Influenza Vaccines in the Context of the COVID-19 Pandemic



Influenza Vaccines in the Context of the COVID-19 Pandemic

On the whole, Bulgarians tend not to be in favor of vaccines. Every year, as little as 2% – 3% of the population voluntarily get flu shots. With that in mind, we must note that 40% of the population in Europe trust vaccines against influenza strains. Scandinavians are even more wary of the seasonal infection – with them, this percentage reaches 70.

2020 brought us an unpleasant surprise – a coronavirus pandemic. Everyone was stressed and worried because it found us uninformed. Doctors hadn’t been made aware of a particular treatment, patients panicked about every cough and fever. Perhaps this was the reason why we saw the number of administered influenza vaccines increase about five times.

The initial shock, however, gradually wore off, and Bulgarians, similar to all people around the world, got accustomed to living with COVID-19. The fear of infection gave way to the need to work and sustain a living, and people became more careless in their contacts. Vaccines against COVID have provoked numerous comments, divided society, and led to the spread of inconceivable information in support of or against vaccination. This, of course, does not affect the virus in any way, and it continues to spread actively, taking an awful lot of victims every day. The number of people in this dark statistic form a significant figure in relation to the population of the country.

The current situation

The past flu season was not marked by a large number of patients. The reasons can be interpreted from different points of view, but overall two can be distinguished. First, people staying home, social distancing, and following precautionary measures significantly limited the spread of influenza viruses. On the other hand, many of the flu patients were marked as “recovered from COVID-19” since the treatment was done mainly over the phone, and not every patient was examined.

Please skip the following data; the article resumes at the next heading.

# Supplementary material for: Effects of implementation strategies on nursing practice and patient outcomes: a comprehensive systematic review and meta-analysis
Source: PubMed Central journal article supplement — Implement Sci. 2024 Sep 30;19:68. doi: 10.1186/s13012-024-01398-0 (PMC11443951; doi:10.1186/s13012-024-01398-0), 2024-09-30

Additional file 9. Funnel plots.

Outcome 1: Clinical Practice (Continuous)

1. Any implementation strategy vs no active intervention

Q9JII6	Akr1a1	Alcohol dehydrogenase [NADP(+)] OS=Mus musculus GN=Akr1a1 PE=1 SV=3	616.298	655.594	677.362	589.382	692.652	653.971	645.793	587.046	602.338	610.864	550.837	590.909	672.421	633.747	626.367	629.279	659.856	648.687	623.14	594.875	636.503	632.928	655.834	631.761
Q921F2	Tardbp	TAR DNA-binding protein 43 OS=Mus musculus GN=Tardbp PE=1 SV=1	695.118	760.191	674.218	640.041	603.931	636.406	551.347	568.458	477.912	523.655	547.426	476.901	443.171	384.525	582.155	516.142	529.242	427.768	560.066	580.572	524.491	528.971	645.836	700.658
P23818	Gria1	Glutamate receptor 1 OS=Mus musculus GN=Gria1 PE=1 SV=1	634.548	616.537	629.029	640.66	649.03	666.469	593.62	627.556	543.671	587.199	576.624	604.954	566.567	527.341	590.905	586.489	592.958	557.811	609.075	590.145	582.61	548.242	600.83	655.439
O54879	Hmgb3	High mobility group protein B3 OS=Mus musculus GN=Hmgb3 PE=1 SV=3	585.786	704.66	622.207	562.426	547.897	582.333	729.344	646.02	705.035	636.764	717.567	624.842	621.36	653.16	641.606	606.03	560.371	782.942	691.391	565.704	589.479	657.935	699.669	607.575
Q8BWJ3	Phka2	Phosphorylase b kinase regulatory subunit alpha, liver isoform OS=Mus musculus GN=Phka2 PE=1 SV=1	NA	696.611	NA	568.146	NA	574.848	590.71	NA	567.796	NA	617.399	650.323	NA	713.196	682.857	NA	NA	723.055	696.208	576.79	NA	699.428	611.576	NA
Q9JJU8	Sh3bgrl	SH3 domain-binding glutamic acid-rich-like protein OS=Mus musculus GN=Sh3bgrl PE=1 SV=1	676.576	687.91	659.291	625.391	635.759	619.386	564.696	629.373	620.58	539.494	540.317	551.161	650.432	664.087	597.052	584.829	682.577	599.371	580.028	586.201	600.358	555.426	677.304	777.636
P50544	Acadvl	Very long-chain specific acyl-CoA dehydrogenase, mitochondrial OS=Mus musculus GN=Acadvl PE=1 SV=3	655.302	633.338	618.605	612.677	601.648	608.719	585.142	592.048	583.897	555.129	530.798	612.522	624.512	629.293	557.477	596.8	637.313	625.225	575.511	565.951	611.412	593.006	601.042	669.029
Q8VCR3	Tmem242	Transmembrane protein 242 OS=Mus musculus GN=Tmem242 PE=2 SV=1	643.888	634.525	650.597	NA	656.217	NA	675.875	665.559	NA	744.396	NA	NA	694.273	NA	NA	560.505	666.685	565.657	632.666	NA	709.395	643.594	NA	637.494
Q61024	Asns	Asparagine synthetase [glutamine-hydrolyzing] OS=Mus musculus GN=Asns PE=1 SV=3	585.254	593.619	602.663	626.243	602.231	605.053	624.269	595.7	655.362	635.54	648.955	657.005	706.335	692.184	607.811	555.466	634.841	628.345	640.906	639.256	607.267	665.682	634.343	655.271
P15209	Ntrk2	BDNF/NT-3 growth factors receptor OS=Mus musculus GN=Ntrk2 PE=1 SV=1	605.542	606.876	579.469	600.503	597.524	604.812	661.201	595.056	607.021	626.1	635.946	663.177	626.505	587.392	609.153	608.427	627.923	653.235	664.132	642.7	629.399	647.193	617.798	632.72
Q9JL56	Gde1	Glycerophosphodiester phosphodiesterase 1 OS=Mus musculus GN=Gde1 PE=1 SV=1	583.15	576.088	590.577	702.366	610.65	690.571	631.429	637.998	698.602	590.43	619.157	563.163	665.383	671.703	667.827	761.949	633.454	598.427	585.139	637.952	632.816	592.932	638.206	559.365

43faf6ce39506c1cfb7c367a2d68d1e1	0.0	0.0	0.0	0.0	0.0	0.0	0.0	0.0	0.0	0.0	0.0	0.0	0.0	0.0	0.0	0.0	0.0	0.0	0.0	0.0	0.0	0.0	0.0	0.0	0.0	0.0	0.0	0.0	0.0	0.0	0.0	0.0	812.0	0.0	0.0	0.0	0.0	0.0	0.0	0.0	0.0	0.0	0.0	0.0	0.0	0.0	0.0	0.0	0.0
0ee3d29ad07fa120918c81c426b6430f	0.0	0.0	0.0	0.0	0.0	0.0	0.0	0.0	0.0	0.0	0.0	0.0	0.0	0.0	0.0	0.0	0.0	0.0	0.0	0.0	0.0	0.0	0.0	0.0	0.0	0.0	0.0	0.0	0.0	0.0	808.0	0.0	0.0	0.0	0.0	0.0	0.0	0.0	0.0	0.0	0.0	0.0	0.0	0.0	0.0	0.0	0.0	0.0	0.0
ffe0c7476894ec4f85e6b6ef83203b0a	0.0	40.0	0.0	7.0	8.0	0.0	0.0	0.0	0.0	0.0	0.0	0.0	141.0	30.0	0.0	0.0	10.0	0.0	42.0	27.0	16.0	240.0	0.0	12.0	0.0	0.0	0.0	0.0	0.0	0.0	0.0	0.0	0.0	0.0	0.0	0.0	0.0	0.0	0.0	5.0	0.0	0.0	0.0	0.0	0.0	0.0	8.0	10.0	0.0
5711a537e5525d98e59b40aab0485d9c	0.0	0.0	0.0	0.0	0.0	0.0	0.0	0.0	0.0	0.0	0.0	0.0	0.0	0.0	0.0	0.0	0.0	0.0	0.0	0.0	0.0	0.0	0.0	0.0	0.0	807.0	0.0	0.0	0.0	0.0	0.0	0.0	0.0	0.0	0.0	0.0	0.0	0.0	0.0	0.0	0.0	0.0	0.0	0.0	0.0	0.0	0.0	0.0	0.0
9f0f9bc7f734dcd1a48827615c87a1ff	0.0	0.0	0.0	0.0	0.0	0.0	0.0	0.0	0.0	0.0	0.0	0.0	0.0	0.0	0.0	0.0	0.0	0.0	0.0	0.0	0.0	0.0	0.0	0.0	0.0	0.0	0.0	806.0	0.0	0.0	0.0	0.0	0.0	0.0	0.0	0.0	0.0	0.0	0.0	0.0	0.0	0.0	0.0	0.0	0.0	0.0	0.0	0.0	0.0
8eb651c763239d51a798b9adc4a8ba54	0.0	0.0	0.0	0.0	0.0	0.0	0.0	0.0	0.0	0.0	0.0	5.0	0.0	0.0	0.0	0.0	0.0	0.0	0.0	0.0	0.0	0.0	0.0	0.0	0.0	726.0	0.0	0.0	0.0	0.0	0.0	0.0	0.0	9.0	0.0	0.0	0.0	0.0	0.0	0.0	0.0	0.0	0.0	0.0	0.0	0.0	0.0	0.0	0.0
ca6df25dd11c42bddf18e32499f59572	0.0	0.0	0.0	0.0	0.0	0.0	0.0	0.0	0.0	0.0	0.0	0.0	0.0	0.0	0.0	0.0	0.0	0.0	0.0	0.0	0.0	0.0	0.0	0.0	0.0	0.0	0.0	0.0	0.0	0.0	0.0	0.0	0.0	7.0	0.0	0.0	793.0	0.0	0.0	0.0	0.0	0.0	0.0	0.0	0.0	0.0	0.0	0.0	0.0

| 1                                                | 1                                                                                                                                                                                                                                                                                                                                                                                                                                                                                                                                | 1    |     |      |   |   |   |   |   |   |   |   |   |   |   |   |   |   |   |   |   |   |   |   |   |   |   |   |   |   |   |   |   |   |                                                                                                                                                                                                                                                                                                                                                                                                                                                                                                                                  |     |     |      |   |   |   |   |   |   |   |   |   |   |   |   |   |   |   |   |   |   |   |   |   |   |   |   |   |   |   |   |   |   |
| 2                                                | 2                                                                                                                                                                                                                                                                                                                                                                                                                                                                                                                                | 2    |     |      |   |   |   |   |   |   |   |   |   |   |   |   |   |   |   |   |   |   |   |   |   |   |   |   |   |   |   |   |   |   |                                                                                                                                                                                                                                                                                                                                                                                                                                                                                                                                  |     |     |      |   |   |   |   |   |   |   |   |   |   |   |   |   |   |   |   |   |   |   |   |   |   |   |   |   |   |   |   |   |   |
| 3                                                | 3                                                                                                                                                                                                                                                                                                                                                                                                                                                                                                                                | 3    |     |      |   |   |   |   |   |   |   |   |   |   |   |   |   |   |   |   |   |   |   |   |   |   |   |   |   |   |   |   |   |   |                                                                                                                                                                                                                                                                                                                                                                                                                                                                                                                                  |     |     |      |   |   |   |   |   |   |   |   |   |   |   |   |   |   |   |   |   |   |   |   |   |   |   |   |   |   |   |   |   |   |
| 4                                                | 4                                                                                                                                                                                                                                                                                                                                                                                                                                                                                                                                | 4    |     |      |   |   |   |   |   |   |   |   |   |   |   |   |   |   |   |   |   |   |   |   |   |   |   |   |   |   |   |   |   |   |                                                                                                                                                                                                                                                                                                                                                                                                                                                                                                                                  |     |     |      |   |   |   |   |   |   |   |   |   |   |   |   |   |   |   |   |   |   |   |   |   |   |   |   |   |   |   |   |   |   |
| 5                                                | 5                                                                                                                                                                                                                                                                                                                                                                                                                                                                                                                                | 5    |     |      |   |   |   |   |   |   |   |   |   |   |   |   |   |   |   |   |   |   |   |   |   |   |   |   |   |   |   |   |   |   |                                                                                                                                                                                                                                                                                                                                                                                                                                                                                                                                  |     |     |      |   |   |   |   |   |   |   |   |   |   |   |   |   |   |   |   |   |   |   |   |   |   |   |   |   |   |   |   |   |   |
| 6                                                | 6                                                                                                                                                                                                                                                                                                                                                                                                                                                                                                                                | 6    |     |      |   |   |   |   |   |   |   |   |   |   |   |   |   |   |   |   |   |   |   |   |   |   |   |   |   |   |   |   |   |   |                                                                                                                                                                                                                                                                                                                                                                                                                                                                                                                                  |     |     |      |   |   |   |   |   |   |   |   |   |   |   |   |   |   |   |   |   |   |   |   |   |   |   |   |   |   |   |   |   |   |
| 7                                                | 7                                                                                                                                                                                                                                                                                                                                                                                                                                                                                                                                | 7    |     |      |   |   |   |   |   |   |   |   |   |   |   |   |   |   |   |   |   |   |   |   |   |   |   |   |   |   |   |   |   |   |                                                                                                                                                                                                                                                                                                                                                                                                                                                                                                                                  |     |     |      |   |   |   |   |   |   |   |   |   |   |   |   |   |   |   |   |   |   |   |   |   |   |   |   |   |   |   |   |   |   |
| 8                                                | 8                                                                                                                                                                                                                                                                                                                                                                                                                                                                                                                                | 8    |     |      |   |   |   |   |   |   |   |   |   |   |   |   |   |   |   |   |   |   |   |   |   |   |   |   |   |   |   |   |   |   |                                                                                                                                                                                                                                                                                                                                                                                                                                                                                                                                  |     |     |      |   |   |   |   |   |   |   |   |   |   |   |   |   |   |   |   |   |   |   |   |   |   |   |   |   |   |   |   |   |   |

This year, flu season is already upon us, and it’s time to think how to protect ourselves from this invisible enemy. Everyone knows that although considered a harmless cold, the flu does not always go mildly and smoothly. Every year, dozens of people fall victim to the complications it causes. In general, after such an illness the body is exhausted, and its defenses are significantly weakened.

Today, the presence of coronavirus further complicates the situation. A person already weakened by the flu could more easily fall victim to a COVID-19 attack. Considering the fact that the majority of the population has not yet been vaccinated against coronavirus, it is good that they protect themselves at least with the flu vaccine. That way, the body’s resistance can be boosted, which will help fight the COVID virus if they experience it.

Who is at most risk?

Of course, no one is safe from complications, but the flu virus, like the Wuhan virus, is especially dangerous for people with underlying medical problems. Their bodies are compromised and easily susceptible to infections. At the same time, with these patients, the disease goes much more severely, treatment is much more difficult, and recovery is slow and long. Very often, hospitalization is necessary, which is the other side of the problem. Bulgaria’s health system is on the brink of survival. There are not enough resources and accommodation, and the medics are extremely exhausted.

That is why, it is extremely important to show common sense during this difficult time. A responsible attitude towards our own health will have a positive impact on the health status of Bulgarians in general. This is the only way to cope with this ordeal that has completely changed our lives.

Benefits of vaccination

Studies and observations by doctors around the world show that people who have got the flu vaccine are less likely to become infected with COVID. If they become infected, the infection passes much more easily, and complications are rare. According to them, this is due to the fact that the vaccine enhances the body’s immune response to external interference. Not to be underestimated is the fact that people who get vaccinated are more cautious about their health. Naturally, this group of people follow the precautionary measures, thus limiting the possibilities for infection.

That is why, it is recommended that you take advantage of the opportunity to protect yourself and your loved ones by getting a flu shot. If you are among the Bulgarians who have decided to get vaccinated against COVID, you have to wait at least two weeks after the second dose has been administered before you get vaccinated against the flu.

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